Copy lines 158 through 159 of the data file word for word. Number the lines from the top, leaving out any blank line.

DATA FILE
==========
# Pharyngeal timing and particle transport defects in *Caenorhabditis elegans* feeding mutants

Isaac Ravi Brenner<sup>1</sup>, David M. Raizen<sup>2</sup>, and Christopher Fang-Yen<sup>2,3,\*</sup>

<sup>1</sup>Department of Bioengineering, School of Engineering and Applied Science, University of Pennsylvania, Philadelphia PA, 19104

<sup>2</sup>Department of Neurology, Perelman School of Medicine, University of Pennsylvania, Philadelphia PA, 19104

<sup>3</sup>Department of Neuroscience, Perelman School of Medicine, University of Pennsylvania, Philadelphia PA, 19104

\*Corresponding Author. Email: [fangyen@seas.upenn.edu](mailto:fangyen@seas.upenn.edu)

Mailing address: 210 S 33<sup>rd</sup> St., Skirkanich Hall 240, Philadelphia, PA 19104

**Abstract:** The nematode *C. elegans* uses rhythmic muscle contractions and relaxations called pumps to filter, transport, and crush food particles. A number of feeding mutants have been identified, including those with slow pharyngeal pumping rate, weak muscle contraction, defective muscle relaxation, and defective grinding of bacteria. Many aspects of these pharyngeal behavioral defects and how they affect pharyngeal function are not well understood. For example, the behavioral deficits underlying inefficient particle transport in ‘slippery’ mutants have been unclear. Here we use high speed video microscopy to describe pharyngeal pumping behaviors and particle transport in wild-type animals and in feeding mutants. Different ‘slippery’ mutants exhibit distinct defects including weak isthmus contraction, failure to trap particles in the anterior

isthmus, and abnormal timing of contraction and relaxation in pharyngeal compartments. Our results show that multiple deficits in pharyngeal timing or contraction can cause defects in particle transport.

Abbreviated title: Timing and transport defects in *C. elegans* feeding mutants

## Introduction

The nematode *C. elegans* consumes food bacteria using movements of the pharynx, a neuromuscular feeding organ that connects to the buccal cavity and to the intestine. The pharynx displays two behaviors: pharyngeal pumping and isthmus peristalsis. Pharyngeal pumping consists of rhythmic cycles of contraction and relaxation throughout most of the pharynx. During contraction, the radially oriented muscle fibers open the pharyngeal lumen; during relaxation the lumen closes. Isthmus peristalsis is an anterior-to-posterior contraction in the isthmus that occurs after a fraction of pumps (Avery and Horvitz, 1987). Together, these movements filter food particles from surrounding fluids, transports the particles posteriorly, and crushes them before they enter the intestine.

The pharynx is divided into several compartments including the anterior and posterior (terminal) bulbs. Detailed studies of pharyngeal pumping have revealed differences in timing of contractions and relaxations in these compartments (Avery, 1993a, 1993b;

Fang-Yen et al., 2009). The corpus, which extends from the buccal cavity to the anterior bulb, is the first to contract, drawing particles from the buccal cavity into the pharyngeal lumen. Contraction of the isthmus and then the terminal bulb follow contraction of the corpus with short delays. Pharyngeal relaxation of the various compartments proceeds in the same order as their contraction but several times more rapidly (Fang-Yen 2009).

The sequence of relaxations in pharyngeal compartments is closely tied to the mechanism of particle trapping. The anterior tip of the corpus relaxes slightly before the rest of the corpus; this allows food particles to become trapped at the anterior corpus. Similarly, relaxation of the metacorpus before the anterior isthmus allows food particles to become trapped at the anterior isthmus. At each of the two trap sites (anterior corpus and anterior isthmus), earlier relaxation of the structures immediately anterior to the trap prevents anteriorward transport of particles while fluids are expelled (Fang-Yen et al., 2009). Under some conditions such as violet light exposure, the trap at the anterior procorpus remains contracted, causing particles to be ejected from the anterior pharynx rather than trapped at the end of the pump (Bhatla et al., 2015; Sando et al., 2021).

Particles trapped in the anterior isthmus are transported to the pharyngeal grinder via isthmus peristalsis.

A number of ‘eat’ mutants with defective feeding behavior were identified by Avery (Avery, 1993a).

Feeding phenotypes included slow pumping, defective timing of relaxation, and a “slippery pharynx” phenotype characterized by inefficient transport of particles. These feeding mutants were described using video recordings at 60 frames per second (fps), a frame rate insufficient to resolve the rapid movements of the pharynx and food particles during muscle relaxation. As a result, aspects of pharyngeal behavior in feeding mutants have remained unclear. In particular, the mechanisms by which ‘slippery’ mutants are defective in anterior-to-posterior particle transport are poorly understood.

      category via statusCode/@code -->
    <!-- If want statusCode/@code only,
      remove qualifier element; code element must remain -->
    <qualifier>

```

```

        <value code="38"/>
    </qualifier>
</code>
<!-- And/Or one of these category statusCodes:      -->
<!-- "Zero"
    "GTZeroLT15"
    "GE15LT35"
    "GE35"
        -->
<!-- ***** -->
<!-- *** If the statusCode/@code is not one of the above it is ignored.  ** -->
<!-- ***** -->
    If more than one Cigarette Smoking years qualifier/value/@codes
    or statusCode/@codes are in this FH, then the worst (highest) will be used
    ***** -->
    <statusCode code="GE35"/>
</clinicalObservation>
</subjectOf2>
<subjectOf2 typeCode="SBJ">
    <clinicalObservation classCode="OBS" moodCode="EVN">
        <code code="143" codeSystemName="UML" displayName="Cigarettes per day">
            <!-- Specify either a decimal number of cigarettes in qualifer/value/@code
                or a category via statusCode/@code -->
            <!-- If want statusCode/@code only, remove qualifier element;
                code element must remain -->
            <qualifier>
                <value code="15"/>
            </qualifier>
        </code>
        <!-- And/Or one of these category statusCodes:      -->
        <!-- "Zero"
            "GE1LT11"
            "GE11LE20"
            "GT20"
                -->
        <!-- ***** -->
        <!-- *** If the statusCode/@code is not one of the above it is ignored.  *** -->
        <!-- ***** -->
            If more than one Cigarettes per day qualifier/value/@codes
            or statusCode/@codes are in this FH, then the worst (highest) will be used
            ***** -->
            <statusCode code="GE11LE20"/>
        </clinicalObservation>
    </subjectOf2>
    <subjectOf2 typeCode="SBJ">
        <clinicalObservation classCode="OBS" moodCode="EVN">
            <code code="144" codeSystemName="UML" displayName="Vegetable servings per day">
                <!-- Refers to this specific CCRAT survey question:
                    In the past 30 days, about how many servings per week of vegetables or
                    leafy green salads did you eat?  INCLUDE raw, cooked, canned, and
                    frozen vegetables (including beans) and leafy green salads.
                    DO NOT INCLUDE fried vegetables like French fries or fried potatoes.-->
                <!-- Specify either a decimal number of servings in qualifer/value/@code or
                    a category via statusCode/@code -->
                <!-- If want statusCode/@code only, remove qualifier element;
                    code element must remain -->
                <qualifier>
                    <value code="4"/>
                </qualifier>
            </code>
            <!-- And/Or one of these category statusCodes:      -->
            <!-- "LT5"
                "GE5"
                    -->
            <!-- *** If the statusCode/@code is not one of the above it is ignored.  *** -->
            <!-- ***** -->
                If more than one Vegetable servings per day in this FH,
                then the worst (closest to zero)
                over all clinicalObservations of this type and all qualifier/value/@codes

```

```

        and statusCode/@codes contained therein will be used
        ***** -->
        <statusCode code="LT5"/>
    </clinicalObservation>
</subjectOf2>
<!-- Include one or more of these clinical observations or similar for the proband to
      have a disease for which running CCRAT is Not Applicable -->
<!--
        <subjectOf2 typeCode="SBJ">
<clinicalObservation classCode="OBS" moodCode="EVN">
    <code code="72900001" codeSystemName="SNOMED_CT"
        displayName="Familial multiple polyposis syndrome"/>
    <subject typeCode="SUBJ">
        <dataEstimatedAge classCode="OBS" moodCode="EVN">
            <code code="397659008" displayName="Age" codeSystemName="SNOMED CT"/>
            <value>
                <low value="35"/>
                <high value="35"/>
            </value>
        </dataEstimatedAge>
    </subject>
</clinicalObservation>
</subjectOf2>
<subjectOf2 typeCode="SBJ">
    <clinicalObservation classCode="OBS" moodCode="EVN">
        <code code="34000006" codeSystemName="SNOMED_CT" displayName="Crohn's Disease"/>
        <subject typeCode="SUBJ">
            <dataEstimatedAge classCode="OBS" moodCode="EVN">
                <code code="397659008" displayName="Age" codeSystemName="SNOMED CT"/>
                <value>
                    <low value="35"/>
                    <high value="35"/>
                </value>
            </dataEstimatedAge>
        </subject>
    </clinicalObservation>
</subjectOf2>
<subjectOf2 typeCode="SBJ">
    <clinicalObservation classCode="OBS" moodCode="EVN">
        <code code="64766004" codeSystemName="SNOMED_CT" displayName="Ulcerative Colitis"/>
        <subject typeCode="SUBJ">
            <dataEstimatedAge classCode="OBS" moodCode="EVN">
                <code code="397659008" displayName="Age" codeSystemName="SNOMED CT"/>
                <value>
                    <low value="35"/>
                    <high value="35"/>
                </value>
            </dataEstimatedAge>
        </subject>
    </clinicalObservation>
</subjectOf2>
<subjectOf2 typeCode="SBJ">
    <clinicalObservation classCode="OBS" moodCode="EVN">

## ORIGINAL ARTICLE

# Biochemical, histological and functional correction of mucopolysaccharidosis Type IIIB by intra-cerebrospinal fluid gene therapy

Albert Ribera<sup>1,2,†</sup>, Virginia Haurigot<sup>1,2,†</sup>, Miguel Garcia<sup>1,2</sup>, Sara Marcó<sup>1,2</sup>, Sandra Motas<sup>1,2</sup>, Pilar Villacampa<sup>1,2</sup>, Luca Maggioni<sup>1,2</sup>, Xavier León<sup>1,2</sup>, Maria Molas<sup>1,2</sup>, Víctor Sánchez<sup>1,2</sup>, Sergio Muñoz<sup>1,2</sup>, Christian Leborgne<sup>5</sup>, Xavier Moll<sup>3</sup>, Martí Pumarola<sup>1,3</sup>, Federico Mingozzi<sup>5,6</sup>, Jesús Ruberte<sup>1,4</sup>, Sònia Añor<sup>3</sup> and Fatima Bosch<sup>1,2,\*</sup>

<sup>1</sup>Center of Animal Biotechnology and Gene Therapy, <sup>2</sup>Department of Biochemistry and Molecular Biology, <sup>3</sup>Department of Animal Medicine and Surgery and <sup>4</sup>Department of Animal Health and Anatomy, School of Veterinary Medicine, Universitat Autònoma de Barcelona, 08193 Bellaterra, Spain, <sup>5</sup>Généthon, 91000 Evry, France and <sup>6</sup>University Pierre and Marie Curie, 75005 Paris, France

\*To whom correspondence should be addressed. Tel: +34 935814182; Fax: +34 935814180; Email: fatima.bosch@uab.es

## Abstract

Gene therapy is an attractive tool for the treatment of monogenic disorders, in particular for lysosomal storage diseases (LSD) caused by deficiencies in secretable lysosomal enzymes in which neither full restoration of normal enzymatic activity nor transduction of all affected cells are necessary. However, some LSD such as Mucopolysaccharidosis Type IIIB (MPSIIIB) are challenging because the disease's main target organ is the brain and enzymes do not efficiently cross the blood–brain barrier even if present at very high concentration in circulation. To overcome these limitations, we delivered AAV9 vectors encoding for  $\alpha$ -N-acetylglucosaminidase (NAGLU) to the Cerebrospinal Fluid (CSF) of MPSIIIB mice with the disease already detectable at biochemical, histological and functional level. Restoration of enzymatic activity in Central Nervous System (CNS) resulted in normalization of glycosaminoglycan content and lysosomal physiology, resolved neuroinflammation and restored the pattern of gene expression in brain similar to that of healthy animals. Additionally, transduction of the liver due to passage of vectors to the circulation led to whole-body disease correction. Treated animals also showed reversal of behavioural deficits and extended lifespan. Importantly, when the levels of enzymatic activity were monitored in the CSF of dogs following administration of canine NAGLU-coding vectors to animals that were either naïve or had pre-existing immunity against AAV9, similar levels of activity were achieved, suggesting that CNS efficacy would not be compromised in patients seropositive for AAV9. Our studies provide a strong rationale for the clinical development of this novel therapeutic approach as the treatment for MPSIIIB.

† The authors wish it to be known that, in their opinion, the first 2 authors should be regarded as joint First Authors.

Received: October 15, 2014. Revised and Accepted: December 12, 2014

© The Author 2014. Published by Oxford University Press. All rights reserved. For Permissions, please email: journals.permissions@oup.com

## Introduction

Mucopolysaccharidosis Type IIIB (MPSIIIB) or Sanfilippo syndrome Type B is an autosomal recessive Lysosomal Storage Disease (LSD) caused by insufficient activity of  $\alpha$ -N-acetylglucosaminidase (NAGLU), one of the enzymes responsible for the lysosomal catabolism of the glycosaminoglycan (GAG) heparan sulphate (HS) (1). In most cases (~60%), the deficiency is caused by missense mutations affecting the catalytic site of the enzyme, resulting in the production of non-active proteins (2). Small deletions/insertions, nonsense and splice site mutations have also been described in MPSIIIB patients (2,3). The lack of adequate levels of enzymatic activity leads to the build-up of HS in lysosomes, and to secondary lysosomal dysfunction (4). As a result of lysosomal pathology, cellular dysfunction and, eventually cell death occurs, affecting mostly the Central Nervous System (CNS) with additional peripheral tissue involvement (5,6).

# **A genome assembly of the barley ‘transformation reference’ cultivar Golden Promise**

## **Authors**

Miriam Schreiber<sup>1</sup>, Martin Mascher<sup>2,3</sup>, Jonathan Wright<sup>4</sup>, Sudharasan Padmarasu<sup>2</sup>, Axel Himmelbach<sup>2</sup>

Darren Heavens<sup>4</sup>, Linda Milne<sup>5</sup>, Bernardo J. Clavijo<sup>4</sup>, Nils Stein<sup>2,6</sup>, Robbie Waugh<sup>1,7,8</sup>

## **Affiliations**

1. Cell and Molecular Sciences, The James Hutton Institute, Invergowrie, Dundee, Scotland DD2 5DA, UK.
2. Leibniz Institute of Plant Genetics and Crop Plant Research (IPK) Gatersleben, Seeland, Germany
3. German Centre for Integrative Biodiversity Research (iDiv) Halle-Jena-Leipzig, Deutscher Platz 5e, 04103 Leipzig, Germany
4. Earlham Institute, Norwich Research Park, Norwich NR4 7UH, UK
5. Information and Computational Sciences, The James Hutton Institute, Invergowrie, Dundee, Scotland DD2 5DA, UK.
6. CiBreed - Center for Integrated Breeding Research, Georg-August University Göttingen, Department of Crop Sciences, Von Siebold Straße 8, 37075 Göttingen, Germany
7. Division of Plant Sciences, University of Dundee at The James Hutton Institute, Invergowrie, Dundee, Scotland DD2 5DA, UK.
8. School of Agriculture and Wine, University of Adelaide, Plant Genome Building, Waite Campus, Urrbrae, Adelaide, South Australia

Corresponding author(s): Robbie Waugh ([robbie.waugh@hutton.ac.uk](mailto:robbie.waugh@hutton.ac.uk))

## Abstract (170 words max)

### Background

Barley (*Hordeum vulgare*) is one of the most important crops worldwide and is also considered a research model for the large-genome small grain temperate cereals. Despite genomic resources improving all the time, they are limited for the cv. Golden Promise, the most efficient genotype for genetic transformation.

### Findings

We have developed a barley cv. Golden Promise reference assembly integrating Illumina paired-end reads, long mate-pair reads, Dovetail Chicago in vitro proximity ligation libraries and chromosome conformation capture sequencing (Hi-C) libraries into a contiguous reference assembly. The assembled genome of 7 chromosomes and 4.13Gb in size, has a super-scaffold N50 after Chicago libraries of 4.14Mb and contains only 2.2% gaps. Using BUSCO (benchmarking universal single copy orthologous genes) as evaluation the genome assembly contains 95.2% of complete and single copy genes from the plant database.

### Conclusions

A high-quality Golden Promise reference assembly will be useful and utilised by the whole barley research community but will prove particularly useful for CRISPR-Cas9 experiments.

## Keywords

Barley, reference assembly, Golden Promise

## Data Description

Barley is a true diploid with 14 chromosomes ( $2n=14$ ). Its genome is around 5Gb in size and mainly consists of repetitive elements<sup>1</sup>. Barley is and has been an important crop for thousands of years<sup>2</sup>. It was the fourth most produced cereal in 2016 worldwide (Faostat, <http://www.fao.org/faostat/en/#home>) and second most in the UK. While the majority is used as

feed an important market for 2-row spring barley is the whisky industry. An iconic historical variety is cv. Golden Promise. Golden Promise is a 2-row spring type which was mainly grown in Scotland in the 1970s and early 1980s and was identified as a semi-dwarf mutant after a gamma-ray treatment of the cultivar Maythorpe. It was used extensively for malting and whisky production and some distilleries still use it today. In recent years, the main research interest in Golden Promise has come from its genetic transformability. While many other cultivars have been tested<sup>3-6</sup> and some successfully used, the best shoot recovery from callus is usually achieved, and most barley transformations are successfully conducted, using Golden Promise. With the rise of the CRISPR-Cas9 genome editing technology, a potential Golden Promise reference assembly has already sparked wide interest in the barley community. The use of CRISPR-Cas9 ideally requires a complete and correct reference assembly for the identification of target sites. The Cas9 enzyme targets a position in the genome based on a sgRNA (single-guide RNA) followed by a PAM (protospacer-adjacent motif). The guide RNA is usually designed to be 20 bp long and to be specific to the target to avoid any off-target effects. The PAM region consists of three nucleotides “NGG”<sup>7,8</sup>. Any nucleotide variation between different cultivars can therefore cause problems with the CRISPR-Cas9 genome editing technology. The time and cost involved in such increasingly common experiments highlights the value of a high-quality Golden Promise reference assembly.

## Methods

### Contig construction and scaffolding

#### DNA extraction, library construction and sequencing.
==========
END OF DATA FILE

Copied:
© The Author 2014. Published by Oxford University Press. All rights reserved. For Permissions, please email: journals.permissions@oup.com

## Introduction